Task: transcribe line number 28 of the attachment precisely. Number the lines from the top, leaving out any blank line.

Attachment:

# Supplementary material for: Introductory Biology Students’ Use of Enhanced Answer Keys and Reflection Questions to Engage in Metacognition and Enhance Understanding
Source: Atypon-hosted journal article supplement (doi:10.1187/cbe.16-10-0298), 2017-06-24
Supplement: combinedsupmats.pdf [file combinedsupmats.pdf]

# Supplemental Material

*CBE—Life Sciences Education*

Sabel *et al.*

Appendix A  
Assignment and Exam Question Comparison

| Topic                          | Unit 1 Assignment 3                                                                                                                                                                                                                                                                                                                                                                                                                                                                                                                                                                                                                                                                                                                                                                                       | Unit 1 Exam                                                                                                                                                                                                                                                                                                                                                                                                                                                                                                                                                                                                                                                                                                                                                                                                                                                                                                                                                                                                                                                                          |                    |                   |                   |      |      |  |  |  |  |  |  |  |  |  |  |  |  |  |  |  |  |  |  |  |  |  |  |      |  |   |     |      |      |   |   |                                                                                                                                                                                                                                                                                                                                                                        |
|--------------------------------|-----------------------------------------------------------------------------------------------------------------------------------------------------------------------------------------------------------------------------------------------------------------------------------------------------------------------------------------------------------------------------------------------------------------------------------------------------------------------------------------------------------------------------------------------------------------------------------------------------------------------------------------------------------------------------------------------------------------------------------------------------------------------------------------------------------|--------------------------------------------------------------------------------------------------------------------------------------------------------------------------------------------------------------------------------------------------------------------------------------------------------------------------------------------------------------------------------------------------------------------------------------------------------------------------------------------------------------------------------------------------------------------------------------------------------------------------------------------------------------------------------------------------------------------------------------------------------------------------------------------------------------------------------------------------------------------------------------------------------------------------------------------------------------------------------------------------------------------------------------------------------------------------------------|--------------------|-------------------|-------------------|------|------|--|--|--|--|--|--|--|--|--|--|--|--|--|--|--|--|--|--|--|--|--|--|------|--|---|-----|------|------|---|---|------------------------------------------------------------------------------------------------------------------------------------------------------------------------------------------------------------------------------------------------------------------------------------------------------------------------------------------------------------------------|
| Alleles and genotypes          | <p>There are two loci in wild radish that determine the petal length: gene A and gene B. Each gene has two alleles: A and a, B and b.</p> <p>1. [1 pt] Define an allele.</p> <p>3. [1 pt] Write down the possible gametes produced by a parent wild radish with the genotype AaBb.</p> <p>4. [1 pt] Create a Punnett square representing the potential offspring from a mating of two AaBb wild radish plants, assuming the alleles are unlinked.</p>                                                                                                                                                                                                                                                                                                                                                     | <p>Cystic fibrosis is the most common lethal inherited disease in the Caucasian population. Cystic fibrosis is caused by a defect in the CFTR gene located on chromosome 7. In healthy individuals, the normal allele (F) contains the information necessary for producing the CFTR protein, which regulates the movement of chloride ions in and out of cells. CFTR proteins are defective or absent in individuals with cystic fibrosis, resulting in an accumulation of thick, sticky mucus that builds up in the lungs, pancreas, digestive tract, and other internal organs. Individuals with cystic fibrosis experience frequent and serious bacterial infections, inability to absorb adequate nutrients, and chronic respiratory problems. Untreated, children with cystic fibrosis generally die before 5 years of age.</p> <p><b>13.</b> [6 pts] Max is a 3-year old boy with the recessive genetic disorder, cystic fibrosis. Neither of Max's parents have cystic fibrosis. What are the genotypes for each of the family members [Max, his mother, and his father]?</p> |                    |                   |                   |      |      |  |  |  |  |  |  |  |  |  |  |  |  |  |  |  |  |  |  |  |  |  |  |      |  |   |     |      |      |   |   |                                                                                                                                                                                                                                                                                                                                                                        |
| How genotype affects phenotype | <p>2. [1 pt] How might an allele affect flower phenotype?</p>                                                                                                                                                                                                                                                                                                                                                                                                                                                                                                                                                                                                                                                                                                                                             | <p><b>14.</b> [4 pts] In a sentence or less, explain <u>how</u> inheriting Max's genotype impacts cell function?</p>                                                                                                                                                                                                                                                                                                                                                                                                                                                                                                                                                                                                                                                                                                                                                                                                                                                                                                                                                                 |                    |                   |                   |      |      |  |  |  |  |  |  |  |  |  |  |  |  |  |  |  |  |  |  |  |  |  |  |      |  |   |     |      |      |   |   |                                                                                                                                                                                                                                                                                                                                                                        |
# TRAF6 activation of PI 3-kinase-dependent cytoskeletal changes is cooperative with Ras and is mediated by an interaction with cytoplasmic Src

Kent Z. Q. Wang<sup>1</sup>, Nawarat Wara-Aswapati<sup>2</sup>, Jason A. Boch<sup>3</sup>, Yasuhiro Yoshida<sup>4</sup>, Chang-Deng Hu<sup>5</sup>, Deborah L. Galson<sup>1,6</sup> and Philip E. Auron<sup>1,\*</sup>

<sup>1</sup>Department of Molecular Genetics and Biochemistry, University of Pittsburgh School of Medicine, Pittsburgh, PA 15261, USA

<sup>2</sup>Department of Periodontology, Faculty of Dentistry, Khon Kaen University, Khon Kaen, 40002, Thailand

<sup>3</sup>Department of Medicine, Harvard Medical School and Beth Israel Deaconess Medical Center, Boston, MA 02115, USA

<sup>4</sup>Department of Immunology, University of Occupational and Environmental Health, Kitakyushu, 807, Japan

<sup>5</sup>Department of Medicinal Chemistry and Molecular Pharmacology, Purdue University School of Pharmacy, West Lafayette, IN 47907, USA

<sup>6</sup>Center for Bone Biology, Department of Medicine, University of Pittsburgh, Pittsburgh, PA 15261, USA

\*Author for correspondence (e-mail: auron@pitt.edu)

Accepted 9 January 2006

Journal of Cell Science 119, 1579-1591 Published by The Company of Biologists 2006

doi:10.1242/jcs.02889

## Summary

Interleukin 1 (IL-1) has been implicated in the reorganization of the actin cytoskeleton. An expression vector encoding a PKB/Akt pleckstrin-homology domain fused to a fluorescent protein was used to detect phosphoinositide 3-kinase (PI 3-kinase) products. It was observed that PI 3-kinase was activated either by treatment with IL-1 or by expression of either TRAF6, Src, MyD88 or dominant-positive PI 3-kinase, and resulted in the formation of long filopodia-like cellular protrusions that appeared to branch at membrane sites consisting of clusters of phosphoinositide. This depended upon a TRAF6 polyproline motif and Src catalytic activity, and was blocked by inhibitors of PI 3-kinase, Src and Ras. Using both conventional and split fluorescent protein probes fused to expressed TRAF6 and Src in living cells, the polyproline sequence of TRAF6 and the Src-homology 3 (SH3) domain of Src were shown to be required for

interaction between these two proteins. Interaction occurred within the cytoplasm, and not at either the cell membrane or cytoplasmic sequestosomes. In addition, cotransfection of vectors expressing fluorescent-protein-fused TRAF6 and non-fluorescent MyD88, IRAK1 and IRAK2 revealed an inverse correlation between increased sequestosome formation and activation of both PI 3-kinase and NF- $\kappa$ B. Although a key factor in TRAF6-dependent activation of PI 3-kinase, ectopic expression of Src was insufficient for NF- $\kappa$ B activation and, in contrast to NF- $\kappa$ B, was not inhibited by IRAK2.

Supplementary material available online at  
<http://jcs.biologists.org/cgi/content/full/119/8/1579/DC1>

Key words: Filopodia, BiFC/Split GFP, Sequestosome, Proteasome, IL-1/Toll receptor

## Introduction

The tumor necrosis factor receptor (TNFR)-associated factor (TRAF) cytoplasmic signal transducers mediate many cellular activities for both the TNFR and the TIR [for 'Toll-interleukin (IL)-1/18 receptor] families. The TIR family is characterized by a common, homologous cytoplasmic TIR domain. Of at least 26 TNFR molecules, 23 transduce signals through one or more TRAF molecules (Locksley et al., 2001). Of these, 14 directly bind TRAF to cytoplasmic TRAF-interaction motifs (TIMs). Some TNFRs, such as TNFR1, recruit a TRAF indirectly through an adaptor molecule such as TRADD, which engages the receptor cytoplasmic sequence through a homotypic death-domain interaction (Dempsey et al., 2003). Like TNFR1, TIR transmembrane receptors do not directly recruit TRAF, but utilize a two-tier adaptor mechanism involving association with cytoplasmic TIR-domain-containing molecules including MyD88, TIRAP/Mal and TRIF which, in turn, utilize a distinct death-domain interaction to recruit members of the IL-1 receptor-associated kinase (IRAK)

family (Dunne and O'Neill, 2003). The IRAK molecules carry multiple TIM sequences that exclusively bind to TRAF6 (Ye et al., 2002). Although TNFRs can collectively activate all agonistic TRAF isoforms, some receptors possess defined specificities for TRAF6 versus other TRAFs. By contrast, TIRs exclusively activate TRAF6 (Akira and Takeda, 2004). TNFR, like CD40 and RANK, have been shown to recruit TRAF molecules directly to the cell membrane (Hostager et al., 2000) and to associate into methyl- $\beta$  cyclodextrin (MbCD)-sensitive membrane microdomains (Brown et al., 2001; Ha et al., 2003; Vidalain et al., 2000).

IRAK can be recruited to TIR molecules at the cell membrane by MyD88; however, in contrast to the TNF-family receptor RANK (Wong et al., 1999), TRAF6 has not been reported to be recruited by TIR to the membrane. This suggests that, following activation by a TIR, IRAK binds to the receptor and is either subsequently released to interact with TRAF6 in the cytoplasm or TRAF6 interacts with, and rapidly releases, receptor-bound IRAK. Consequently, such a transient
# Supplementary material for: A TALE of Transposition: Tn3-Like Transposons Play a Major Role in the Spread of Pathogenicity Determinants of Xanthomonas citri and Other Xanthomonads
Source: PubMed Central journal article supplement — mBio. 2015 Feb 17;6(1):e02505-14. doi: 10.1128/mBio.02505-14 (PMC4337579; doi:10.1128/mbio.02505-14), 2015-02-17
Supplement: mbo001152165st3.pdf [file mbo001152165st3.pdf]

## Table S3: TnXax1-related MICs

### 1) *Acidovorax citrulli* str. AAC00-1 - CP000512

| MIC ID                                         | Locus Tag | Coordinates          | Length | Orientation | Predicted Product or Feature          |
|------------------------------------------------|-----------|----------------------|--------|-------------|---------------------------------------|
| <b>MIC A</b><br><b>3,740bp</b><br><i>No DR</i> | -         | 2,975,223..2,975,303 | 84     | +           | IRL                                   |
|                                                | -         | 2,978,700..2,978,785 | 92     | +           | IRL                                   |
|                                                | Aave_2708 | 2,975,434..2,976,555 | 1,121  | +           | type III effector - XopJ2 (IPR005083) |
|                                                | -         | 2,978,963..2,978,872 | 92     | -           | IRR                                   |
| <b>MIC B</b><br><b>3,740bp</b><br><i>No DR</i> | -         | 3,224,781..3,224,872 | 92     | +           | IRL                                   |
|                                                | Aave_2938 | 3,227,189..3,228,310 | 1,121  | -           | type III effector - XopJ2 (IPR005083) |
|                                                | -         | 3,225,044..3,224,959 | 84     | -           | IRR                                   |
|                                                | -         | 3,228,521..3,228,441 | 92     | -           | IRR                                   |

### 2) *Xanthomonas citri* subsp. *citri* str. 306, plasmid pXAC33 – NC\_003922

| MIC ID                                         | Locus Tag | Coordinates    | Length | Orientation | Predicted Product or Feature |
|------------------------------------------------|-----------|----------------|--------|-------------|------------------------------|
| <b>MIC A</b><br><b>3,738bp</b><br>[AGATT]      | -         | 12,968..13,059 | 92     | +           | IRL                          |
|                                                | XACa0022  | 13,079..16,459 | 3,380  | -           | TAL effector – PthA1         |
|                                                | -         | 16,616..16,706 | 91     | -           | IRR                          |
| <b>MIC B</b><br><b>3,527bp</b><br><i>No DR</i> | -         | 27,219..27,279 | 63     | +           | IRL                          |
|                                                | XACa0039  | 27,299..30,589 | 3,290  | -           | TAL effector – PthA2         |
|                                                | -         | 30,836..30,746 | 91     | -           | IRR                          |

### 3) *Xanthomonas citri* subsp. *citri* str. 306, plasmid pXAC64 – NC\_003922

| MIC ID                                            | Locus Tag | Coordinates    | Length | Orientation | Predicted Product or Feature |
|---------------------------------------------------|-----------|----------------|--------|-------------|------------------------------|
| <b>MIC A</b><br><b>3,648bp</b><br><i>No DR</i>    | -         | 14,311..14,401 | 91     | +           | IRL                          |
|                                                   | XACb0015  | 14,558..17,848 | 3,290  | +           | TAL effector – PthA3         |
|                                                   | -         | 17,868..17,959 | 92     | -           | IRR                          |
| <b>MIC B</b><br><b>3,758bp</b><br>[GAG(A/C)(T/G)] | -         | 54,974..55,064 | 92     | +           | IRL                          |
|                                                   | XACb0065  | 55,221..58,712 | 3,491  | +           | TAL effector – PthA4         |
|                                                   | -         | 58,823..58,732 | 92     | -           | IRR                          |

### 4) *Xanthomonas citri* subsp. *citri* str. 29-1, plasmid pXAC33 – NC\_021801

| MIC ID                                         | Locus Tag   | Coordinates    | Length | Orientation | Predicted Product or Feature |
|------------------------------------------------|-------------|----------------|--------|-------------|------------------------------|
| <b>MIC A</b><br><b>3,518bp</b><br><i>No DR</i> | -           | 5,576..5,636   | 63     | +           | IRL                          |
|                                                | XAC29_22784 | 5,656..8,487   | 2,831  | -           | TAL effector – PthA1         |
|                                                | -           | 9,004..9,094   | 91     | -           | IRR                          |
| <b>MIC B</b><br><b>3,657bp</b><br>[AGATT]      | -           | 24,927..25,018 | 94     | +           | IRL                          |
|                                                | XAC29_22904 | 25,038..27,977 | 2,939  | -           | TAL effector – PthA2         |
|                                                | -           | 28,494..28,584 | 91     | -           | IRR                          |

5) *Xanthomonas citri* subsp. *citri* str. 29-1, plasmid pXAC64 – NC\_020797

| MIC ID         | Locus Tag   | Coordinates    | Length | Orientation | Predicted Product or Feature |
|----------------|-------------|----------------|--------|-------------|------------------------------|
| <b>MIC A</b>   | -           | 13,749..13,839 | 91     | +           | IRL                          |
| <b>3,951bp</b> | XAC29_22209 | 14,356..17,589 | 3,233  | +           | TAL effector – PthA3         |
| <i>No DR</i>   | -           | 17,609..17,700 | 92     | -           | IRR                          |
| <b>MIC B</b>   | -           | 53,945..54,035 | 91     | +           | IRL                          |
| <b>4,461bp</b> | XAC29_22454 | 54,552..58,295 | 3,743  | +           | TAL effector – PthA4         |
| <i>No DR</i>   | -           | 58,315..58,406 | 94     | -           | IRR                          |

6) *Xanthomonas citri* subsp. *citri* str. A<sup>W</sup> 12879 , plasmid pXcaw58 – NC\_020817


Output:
Supplementary material available online at  